The AG athletes started a combined iron (Ferrum Hausmann, 100 mg Fe2+/day orally; Astellas Pharma, Leiderdorp, Netherlands), multivitamin (Burgerstein multivitamin-mineral ABC 25; Burgerstein Nährstoffe; Rapperswil, Switzerland), and vitamin C (Burgerstein vitamin C; Burgerstein Nährstoffe) supplementation when the LHTL phase began. Despite preliminary testing and oral supplementation, two female and one male athlete had Ftn levels below 20 μg/l at the start of the LHTL phase. The low Ftn values must be seen in the light of high PV, and we assume that these athletes actually had no relevant iron deficiency under normal sea-level training conditions. Because we wanted to be on the safe side for the novel circumstances at altitude, these athletes received venous iron supplementation (Venofer; Novartis, Basel, Switzerland) in the first week. The iron status results of these three subjects were therefore excluded from the data. The changes in Hbmass and performance values during LHTL in these subjects did not differ from those observed in the other athletes. We therefore did not exclude other data from these three athletes.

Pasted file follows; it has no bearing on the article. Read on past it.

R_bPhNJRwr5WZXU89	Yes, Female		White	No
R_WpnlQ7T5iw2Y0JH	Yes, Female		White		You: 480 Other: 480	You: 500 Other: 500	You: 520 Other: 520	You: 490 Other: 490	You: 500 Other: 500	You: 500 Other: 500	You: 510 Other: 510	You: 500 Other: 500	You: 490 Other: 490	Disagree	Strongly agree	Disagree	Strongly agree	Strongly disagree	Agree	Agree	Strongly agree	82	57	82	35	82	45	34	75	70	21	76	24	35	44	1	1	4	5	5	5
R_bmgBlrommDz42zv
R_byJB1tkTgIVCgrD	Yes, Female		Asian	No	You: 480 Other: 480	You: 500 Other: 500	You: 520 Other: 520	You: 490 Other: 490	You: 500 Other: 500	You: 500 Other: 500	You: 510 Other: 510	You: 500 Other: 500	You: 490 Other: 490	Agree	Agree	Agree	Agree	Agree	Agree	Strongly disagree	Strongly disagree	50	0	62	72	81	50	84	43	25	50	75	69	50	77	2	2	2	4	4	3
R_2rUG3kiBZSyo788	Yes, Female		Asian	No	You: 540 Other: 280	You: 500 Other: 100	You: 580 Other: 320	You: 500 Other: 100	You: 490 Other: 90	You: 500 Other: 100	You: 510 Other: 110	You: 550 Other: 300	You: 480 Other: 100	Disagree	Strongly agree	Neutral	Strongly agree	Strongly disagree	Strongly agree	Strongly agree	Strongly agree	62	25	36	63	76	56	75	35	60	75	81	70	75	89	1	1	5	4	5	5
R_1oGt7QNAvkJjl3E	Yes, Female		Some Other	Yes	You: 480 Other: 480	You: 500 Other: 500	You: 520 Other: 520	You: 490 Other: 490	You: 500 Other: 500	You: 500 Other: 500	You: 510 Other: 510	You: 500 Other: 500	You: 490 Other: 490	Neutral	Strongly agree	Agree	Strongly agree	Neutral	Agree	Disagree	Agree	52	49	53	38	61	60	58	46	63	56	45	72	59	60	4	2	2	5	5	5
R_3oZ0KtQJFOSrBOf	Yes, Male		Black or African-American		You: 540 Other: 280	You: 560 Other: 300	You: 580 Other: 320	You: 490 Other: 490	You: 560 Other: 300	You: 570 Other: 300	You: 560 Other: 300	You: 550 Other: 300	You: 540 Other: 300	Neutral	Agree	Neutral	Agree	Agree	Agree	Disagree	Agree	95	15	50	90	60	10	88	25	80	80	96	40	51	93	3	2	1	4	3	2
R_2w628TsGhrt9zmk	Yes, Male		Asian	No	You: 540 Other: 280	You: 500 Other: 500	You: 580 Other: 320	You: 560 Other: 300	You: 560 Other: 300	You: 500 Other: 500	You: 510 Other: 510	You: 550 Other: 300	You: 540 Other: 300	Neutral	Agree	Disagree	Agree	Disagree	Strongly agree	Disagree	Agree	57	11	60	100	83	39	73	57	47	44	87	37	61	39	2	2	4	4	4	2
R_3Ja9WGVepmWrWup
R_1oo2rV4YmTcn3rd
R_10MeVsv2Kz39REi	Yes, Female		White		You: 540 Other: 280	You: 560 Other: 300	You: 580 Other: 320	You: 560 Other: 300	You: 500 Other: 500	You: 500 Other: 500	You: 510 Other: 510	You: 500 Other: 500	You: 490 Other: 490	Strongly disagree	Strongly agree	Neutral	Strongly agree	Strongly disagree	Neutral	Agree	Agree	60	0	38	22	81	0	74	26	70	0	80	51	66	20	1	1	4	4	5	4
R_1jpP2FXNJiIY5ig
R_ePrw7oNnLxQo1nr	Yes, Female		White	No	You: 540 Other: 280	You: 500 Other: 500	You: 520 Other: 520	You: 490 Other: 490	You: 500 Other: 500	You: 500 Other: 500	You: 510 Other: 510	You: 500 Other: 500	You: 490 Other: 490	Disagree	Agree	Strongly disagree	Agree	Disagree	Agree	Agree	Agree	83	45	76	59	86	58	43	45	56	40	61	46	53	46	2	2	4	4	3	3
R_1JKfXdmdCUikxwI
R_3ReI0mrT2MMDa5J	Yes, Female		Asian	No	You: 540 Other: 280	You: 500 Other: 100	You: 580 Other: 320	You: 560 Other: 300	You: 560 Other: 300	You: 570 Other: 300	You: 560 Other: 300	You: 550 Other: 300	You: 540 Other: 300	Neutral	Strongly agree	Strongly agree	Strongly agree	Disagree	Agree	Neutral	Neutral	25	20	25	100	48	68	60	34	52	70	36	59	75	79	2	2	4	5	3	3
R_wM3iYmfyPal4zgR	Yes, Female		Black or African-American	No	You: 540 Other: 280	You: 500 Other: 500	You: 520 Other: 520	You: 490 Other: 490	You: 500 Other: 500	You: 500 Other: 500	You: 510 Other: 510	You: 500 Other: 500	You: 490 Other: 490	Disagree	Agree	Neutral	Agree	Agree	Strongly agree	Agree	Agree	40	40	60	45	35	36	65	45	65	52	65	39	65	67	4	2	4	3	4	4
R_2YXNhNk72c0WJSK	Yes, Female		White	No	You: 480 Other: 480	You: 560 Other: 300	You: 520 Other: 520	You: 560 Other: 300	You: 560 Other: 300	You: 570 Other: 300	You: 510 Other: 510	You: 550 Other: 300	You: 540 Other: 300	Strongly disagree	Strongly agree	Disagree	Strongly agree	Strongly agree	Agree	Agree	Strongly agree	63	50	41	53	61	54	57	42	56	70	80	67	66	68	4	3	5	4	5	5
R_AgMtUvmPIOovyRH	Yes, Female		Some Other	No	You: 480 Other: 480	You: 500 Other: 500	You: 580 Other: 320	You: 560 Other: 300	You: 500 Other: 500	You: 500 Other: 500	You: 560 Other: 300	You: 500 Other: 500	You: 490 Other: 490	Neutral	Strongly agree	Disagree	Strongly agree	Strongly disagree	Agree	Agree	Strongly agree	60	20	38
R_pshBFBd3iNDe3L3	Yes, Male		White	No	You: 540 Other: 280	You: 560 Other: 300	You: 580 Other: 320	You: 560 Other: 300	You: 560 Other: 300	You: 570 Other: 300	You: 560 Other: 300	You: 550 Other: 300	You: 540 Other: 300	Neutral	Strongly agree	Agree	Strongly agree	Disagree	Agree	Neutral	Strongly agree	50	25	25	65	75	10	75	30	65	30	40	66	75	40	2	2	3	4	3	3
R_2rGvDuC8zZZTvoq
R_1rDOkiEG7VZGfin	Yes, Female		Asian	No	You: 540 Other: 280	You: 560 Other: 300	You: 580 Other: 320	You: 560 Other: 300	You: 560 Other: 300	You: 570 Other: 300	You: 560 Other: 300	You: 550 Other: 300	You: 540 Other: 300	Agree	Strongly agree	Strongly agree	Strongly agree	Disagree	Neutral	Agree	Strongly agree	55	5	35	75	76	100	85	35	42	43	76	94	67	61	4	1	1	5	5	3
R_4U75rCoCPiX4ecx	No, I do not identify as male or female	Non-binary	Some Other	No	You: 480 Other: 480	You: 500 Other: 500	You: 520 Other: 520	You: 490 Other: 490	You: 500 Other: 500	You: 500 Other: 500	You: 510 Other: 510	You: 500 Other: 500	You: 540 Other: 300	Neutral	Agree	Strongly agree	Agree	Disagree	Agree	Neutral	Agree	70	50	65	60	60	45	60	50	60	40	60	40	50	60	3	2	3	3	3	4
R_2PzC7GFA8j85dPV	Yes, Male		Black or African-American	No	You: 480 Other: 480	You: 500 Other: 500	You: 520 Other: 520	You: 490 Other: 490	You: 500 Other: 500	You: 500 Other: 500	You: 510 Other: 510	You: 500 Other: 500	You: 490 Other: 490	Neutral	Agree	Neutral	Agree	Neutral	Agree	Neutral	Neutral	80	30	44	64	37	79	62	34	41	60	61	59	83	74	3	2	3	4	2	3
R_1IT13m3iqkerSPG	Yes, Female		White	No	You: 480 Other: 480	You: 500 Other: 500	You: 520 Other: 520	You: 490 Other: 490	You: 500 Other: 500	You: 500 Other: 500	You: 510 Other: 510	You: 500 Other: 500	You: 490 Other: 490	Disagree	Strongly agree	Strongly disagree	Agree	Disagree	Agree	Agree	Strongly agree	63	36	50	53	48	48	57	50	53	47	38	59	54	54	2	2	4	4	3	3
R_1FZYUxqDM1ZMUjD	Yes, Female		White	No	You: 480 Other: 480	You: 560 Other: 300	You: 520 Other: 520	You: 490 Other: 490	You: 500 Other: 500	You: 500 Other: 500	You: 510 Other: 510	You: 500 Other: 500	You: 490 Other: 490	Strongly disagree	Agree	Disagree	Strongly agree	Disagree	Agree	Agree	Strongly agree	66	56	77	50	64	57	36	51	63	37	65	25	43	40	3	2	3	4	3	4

Data are presented as means ± SD in tables and as means ± SE in figures. The effect of time on several blood parameters measured before, during, and after the LHTL phase was evaluated with one-factor analysis of variance for repeated measures. When the F value was considered statistically significant (P < 0.05), the Bonferroni correction was used to evaluate differences at the different time points in relation to the pretest value at sea level. Differences between pre- and posttest within the groups were evaluated by paired Student's t-tests, and differences between the two groups were analyzed by comparing the absolute group differences between pre- and posttest with unpaired t-tests. The relationship between increase in Hbmass and the increase in V̇o2 max was compared by linear regression and Pearson's coefficient. All statistical tests were done with the SPSS statistical package 13.0 (SPSS, Chicago, IL). Significance was set at P < 0.05; P < 0.1 was called a trend.